There was a time when a journalist fortunate enough to land at The New York Times would only leave if he or she was forced out, incentivized with a lucrative buyout or dead.
Not anymore. Two high-profile exits are the latest in a handful of defections this year that hint at a sea change: in the digital era, a Times job can be seen as a career stepping stone rather than as a de facto end point.
Styles section scribe Eric Wilson announced last week that he was leaving for InStyle, where the eight-year Times vet will take on the newly created position of fashion news director for a glossy shopping mag not known for news coverage.
“I wanted to figure out what would make sense for the rest of my career,” Mr. Wilson told Women’s Wear Daily. “When I talked to [InStyle EIC Ariel Foxman] about this, what he had in mind for the position and what I had in mind for my career were the same.”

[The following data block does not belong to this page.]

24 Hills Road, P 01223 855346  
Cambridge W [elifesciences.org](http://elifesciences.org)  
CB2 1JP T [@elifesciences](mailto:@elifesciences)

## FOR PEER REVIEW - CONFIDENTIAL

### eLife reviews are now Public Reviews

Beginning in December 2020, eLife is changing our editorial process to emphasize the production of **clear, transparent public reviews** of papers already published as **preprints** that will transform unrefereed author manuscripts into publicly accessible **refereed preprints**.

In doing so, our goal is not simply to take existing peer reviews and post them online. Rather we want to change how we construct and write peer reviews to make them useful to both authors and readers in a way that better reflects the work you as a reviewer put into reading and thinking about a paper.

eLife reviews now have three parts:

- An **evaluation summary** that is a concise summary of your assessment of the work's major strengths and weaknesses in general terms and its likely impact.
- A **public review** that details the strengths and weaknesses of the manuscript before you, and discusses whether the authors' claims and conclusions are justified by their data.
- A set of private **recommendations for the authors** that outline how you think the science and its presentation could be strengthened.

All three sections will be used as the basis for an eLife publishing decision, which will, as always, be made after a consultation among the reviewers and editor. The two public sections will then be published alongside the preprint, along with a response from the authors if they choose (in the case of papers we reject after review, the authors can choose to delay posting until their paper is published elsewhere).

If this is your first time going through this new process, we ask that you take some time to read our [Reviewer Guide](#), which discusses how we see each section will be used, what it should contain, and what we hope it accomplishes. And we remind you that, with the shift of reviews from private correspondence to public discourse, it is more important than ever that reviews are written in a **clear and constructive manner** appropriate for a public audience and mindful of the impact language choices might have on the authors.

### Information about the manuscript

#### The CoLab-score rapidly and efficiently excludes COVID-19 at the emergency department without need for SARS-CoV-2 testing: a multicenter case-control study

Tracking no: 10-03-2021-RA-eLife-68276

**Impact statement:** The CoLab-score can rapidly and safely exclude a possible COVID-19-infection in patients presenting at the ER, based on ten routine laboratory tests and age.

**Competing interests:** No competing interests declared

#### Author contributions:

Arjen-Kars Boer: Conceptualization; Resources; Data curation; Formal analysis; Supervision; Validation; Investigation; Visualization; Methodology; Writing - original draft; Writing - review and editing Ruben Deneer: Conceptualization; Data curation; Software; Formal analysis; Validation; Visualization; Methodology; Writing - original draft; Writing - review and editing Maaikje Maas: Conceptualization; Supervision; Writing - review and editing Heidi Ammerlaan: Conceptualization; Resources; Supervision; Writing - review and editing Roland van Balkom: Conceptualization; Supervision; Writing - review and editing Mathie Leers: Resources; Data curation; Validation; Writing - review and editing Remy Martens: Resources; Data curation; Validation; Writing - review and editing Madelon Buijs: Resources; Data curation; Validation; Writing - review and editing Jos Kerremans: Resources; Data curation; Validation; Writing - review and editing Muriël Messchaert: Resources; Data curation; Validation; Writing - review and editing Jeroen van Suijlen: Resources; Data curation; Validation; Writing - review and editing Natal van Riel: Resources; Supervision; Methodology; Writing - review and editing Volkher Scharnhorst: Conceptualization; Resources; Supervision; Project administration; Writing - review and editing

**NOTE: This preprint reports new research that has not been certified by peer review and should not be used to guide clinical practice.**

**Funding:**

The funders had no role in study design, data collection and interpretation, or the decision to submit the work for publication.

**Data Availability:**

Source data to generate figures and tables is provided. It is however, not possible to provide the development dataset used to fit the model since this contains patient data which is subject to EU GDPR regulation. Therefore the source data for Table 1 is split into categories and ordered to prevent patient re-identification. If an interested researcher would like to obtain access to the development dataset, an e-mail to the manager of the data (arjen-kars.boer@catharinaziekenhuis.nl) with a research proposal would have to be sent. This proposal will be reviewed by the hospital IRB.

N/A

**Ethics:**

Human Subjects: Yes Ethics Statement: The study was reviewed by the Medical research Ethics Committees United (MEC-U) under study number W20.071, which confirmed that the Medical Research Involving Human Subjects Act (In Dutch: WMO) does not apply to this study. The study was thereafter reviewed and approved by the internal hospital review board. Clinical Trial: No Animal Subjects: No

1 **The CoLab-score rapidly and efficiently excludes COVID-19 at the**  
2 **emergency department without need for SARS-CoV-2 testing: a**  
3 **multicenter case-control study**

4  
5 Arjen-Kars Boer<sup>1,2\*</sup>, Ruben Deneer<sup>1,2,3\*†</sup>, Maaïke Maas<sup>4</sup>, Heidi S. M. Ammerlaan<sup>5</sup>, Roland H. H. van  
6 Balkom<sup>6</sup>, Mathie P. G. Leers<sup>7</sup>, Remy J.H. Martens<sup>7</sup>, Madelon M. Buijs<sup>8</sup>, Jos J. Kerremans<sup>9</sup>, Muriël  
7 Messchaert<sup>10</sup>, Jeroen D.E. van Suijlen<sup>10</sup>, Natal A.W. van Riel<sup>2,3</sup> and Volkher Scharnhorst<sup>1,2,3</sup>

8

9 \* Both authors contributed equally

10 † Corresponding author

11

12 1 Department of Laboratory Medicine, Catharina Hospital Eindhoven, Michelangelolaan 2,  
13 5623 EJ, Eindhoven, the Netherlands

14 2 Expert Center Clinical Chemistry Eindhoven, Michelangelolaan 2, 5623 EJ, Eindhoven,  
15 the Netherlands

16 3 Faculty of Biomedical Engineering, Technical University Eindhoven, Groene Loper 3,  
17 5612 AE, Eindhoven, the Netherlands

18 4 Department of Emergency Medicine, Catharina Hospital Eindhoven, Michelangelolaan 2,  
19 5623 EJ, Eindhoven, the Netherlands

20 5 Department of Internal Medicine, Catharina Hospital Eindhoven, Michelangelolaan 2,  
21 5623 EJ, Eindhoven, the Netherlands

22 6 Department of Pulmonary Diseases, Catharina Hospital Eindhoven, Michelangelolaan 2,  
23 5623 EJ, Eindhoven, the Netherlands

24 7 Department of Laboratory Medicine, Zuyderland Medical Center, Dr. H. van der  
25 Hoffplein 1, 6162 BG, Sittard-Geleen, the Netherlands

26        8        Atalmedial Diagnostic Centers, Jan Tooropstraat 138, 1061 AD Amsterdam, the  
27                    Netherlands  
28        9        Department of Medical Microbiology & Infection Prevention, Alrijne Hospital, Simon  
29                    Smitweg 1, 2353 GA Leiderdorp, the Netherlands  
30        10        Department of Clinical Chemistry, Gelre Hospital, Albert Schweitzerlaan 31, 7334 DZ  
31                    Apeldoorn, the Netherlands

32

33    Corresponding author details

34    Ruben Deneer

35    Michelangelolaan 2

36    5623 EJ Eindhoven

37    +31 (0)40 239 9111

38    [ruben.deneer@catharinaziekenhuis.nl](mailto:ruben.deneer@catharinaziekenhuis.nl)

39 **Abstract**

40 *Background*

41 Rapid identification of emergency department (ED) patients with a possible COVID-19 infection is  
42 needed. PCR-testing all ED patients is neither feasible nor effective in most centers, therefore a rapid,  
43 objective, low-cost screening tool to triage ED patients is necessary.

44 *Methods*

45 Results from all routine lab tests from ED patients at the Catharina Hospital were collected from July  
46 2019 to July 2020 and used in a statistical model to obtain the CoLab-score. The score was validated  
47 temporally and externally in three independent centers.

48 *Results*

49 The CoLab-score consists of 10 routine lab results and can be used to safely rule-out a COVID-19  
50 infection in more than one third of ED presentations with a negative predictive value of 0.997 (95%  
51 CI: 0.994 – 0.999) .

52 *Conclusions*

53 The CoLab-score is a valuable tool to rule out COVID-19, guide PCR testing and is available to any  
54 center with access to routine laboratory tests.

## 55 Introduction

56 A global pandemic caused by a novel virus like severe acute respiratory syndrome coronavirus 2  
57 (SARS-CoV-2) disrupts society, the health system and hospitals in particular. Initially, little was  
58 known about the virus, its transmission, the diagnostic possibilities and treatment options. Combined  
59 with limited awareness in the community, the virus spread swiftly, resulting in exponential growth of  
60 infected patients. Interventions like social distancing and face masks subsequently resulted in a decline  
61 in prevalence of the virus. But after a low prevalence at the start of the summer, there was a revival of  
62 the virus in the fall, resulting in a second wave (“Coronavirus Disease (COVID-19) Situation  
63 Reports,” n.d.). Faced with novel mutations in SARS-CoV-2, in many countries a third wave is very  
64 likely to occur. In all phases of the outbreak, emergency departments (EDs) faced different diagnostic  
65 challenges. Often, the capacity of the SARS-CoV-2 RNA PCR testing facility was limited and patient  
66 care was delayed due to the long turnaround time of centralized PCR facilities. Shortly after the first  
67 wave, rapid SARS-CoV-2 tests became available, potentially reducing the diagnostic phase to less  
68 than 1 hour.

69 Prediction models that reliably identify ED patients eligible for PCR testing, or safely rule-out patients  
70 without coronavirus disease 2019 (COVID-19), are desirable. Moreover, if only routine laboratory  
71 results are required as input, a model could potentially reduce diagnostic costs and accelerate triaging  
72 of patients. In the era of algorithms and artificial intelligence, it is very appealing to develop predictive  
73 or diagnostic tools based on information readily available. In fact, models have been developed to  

Apparently, Mr. Wilson didn’t see a Times retirement party in his distant future.
And then on Monday, Times tech writer David Pogue announced on his Tumblr that, after 13 years, he is going to work for Yahoo.
“It’s not easy leaving the Times, especially when you admire it as much as I do… I’ll always be a loyal ally,” Mr. Pogue wrote on his Tumblr.
Admire it he may, but the lure of a tech company expanding content proved irresistible to Mr. Pogue, whose Times tenure was dogged by rumors of cozy relationships with companies he covered.
Mr. Pogue wrote that he was swayed by what he called CEO Marissa Mayer’s “‘try stuff’ atmosphere” at what she calls “the world’s biggest start-up.”
Not everyone goes on to (presumably) a bigger, better deal. Back in June, high-end real estate reporter Alexei Barrionuevo left the Times to pursue a documentary project on the origins of electronic dance music and the rise of superstar deejays.
“Like many writers at the paper, given the challenges facing newspapers (including the Times) I was having a hard time seeing a 20-year career ahead filled with professional and financial growth,” Mr. Barrionuevo told OTR at the time.
And of course, super-star statistician Nate Silver took his blog and his brand to ESPN in September, when his three-year contract with the Times ran out.
Statistically speaking, it wasn’t a bad move.